- The Washington Times - Monday, July 25, 2005

The death tax has become the Hamlet of public policy. The battle was waged to get rid of the estate tax (or death tax), and was finally won in 2001 — or so some thought.

That year, a tax cut bill passed that included a phaseout of the death tax, with the levy to be banished completely in 2010. But just like the king in William Shakespeare’s “Hamlet,” the ghost of the death tax lingers. In fact, under current law, the death tax is due to be resurrected in 2011, with its pre-2001 destructiveness largely restored.

To kill, or not to kill the death tax, that is the policy question.

Not surprisingly, the editorial page of the New York Times would rather keep this tax around. Like others on the left wing of politics and economics, the Times editorial page seemingly never met a tax it didn’t love.

On June 21, the paper’s editorial page bemoaned the potential loss of revenue to the federal government if the death tax disappeared. It called repeal “another wildly unaffordable tax cut for the wealthiest of the wealthy.” The piece went on to criticize plans to keep the death tax around with an exemption of $3.5 million and a tax rate of 15 percent. This would “starve the Treasury,” and when you factor in the exemptions, the average tax rate might dwindle to 5 percent or 6 percent, the Times claimed. It concluded: “That is less than what most wage earners have withheld from their paychecks.”

Finally, there is the kicker. As to businesses imperiled by the death tax, the Times editorialized: “That’s nonsense. Business owners have a responsibility to plan for the estate tax bill that will come due when they die, the same way a free-lance consultant must set aside a chunk of his fees to avoid being caught flat-footed on April 15.”

The Times simply ignores the economywide reach of the death tax’s detrimental effects. The Times worries about lost revenues to the federal government. However, over the last couple of decades, federal estate and gift taxes have ranged between 0.9 percent and 11/2 percent of annual federal revenues — not exactly a huge chunk. Factor in the compliance costs and lost economic output related to the tax, and guess what? The death tax provides little or no net revenues.

Of course, it goes without saying the Times failed to mention true fiscal responsibility, that is, cutting or at least restraining the growth in government.

What about the comparison to taxes withheld from wage earners? Maybe these editorial writers are confused. Let’s help them out. Money withheld from paychecks is an income tax. U.S. personal income tax rates, unfortunately, range as high as 35 percent, plus any state or local income levies.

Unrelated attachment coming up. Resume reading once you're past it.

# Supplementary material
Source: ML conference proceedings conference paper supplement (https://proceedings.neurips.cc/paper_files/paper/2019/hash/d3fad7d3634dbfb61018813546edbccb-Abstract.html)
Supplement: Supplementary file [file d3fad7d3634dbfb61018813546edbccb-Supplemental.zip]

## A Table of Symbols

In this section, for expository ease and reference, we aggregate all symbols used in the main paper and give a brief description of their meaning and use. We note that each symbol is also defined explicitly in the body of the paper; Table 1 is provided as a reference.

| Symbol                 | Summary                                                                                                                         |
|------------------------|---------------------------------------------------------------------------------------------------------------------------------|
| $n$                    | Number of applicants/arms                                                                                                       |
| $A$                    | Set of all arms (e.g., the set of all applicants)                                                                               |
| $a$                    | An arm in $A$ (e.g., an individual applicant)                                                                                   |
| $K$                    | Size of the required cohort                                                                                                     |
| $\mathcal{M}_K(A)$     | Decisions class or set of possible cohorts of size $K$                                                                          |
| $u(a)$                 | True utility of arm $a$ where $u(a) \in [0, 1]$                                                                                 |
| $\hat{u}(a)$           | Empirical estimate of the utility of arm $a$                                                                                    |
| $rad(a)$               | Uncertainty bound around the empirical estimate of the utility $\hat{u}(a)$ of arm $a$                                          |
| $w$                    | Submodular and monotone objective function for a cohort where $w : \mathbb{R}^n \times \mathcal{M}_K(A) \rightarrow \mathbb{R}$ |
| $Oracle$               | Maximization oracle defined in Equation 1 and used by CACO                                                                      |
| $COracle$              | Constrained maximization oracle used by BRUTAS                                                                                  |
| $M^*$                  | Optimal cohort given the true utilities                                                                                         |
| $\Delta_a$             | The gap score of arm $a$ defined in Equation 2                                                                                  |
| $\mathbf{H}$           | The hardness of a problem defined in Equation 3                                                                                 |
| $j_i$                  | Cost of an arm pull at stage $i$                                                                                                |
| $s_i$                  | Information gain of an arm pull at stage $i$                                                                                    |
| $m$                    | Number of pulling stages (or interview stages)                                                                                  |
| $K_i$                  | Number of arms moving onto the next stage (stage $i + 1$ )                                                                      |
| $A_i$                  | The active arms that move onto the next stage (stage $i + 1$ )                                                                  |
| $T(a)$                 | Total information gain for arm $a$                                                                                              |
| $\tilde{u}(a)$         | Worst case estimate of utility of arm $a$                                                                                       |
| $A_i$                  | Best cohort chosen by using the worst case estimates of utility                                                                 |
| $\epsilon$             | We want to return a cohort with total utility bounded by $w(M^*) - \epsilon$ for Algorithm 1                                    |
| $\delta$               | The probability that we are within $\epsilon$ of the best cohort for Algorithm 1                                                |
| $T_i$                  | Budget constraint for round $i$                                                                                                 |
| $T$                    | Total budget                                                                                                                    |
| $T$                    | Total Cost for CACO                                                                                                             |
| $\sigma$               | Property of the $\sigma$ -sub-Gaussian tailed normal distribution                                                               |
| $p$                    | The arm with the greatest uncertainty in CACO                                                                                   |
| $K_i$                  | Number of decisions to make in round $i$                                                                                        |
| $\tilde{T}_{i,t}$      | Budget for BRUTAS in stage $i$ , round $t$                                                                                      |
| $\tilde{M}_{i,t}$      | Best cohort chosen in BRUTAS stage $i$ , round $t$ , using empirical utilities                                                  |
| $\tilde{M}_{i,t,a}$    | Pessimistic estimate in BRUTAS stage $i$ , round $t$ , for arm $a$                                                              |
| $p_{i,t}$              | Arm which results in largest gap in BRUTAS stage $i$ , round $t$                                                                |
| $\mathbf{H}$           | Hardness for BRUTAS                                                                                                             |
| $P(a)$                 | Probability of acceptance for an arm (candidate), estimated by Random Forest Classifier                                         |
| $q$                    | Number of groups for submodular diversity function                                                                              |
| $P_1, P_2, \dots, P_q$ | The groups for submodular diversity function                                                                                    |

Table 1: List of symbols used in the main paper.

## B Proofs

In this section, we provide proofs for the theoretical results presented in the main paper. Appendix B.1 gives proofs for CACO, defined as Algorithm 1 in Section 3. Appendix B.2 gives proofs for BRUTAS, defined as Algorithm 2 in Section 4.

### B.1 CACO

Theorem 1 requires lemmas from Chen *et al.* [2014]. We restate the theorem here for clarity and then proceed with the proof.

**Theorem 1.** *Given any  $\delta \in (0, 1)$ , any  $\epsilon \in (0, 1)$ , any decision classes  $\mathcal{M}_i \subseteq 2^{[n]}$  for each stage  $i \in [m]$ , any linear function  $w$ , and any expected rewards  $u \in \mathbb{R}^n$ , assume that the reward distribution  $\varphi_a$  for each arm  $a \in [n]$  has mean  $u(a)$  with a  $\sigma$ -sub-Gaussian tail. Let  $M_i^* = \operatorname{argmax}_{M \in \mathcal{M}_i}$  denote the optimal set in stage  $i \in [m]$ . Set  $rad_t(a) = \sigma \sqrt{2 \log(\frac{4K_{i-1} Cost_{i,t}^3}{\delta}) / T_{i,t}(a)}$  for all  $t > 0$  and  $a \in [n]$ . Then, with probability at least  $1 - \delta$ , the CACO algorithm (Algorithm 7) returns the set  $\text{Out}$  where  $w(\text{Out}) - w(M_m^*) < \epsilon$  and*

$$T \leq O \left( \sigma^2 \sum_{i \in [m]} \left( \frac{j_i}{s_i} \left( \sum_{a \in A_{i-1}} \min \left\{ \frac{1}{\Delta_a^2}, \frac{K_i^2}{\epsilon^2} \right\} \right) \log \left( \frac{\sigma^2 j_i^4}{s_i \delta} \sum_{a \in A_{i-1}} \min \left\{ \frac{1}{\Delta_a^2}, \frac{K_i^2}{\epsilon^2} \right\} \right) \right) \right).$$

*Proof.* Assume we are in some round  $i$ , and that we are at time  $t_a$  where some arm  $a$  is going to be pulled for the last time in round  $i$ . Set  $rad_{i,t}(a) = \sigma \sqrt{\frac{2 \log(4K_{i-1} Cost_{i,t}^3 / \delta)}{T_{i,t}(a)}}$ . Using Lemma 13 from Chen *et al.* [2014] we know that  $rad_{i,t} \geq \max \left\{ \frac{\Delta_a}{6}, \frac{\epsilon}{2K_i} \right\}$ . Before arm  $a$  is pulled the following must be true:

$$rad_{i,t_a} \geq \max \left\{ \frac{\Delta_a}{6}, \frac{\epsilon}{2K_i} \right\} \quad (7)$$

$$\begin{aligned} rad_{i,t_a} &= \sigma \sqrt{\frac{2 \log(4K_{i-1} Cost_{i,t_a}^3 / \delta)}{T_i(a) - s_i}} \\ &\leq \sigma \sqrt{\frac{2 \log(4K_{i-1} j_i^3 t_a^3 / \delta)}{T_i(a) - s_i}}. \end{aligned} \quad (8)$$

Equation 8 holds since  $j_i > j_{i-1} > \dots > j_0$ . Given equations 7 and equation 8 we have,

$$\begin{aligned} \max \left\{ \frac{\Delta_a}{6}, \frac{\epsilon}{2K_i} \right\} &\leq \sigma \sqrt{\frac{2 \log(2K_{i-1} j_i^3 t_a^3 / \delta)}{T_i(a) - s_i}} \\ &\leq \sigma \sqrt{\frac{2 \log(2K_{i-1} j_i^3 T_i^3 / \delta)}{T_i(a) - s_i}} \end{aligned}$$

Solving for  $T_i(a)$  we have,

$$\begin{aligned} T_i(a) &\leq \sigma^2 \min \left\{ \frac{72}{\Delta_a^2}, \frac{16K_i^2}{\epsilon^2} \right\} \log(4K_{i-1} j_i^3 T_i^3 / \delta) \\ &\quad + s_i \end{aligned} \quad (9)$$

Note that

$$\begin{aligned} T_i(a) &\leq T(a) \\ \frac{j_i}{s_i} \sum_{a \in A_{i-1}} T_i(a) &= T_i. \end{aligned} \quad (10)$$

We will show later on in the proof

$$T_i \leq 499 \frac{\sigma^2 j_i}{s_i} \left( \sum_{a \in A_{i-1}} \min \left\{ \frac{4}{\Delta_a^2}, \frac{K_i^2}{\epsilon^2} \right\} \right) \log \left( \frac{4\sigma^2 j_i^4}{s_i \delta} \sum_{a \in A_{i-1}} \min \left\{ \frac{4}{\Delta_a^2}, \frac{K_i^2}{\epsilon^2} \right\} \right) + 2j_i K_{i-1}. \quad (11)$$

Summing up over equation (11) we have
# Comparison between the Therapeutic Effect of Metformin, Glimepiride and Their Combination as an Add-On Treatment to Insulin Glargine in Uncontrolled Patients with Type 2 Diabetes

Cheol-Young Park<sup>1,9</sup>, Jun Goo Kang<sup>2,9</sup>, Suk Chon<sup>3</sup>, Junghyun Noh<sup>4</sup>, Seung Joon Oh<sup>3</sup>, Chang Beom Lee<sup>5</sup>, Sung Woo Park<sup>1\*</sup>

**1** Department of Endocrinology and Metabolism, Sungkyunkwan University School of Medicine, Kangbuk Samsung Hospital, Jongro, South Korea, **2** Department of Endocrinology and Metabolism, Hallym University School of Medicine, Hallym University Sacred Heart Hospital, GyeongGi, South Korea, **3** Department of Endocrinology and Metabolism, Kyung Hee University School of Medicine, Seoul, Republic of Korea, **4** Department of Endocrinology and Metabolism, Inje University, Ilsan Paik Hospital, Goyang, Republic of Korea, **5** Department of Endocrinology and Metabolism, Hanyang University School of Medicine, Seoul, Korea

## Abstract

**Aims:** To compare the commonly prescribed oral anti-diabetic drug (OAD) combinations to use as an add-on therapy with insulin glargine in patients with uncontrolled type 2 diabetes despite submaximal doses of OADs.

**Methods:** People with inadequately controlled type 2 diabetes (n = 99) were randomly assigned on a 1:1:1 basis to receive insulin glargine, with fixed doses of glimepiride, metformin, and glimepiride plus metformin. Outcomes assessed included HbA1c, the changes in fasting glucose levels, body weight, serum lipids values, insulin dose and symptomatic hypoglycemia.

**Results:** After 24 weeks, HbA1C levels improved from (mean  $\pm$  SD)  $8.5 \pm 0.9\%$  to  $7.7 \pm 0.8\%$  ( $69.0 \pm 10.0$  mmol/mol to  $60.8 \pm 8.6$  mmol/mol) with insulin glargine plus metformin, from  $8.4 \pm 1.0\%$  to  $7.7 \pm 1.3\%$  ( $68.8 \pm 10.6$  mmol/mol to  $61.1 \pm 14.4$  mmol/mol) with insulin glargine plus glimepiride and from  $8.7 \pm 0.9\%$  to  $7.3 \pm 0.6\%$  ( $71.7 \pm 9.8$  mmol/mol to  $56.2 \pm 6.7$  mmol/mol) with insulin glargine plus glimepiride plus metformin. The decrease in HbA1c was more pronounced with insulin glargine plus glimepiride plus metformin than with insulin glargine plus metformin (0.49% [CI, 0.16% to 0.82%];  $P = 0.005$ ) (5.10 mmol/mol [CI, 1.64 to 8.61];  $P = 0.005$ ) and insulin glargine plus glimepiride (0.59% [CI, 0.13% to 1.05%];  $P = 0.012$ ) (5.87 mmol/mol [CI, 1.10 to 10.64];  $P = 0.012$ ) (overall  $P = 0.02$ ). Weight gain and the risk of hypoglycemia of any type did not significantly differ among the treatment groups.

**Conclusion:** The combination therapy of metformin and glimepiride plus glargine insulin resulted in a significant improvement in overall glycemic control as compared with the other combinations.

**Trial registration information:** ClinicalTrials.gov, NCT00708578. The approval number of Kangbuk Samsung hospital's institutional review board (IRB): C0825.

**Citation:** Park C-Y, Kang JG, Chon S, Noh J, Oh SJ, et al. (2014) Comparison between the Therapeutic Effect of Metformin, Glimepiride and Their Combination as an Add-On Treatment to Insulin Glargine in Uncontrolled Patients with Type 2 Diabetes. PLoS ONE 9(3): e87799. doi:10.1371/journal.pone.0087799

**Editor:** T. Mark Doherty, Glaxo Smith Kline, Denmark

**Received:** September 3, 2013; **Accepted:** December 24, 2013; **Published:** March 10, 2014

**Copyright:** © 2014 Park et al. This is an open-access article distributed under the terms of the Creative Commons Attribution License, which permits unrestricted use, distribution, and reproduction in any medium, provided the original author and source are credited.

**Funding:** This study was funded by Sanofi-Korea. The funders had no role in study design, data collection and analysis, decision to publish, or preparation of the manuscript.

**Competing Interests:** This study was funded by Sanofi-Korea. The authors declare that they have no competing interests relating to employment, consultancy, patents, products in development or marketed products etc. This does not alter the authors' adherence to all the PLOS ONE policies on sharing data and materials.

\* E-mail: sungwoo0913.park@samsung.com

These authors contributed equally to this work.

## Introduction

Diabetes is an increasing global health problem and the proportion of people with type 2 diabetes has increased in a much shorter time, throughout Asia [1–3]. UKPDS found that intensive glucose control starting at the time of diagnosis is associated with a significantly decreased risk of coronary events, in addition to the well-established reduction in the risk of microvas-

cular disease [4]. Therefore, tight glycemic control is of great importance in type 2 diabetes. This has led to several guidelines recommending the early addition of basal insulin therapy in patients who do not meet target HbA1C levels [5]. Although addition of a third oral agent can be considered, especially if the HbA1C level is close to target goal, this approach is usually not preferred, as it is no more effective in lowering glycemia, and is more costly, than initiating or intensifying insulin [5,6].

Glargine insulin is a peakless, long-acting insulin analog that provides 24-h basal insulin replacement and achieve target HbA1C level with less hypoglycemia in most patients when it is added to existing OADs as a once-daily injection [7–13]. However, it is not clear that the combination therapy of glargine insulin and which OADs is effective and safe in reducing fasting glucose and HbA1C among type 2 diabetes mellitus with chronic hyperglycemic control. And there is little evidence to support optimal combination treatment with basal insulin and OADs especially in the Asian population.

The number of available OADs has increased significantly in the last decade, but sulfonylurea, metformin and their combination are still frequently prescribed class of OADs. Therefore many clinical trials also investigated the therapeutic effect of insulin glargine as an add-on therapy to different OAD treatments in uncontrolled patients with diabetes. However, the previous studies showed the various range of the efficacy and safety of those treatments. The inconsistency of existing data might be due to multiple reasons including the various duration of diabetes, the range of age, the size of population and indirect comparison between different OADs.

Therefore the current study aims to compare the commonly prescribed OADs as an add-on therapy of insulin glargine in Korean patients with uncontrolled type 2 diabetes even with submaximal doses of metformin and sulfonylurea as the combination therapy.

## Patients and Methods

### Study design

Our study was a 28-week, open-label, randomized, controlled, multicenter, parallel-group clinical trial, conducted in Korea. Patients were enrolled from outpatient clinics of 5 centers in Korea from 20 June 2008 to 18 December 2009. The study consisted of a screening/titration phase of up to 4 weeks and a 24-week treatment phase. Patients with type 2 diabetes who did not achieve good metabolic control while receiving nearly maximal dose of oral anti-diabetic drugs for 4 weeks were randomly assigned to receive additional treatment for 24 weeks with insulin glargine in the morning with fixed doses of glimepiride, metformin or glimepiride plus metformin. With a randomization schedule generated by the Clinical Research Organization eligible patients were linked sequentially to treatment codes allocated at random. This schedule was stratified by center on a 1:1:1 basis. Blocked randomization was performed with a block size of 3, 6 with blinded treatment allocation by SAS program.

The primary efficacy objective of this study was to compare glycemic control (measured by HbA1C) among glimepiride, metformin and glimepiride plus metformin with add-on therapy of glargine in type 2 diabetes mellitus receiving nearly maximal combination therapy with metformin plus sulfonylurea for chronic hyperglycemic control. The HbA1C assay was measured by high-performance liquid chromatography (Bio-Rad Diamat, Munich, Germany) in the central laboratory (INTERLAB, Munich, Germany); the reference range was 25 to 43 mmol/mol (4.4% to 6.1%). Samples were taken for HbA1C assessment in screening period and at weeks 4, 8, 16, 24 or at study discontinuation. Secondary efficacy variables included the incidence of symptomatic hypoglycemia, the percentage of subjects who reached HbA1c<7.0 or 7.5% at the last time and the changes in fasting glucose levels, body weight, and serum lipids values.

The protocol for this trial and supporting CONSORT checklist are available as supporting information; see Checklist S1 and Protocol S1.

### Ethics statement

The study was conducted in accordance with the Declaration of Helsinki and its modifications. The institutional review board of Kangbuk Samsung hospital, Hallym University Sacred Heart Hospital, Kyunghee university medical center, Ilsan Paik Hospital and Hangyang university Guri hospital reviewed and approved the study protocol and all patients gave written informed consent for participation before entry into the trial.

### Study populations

The death tax, though, is a tax on assets, not income, a big difference. One pays a lifetime of income taxes, plus a host of other levies, and then with a death tax, the government shows up again at the end of life to grab a share of one’s total assets. The Times thinks that’s fair, but most people, I think, do not. It

is merely a grim case of reaping multiple taxes.

Finally, the editorial’s dismissive declaration that businesses simply must plan to pay the death tax represents a gross example of the media elites’ absolute cluelessness about the real day-to-day struggle to run a business. The Times preferred a $2 million exemption and a 45 percent top tax rate.

Estate planning wastes resources that otherwise could be used productively in a business. It should be obvious to all but the most ardent class warriors that a 45 percent tax on assets discourages investment and devastates many businesses, farms and families.

Even more frustrating than the Times editorial, though, was a news story in the June 22 Wall Street Journal (“Senators near deal to eliminate estate tax for all but the richest”). After all, on tax relief, one expects more from Republicans who have a majority in the U.S. Senate, than from a bunch of liberal editorial writers. However, the story tells of negotiations in the Senate to keep the death tax around. The report highlights proposals offering exemptions ranging from $3 million to $10 million per person, and tax rates of 15 percent or more.

This is billed as affecting only the very rich. But again, that’s simply not so. The negative effect on investment incentives and the draining of resources from businesses clearly affect the economy broadly. And we must be reminded once more this is a tax on assets, not income. There are many businesses with assets — such as land, buildings, vehicles, inventory, machinery, etc. — that value into the millions of dollars. It does not necessarily mean the owners are among our nation’s richest. But even if they are wealthy, so what? The death tax is unfair and a clear negative for the economy.

Lastly, as history has shown time and again, a tax targeted at the wealthy always winds up hitting most everyone else one way or another. That’s been the story with the income tax and the death tax over the decades.

So it is critical not to let the death tax linger in any form. It is always harder to reinstate an eliminated tax than it is to raise an existing levy. This truly historic opportunity to kill the death tax must be seized.

As Hamlet said: “To die, to sleep no more, and by a sleep to say we end the heartache.” Let’s end the economic heartache and immediately — and permanently — kill the death tax.

Raymond J. Keating is chief economist for the Small Business & Entrepreneurship Council.

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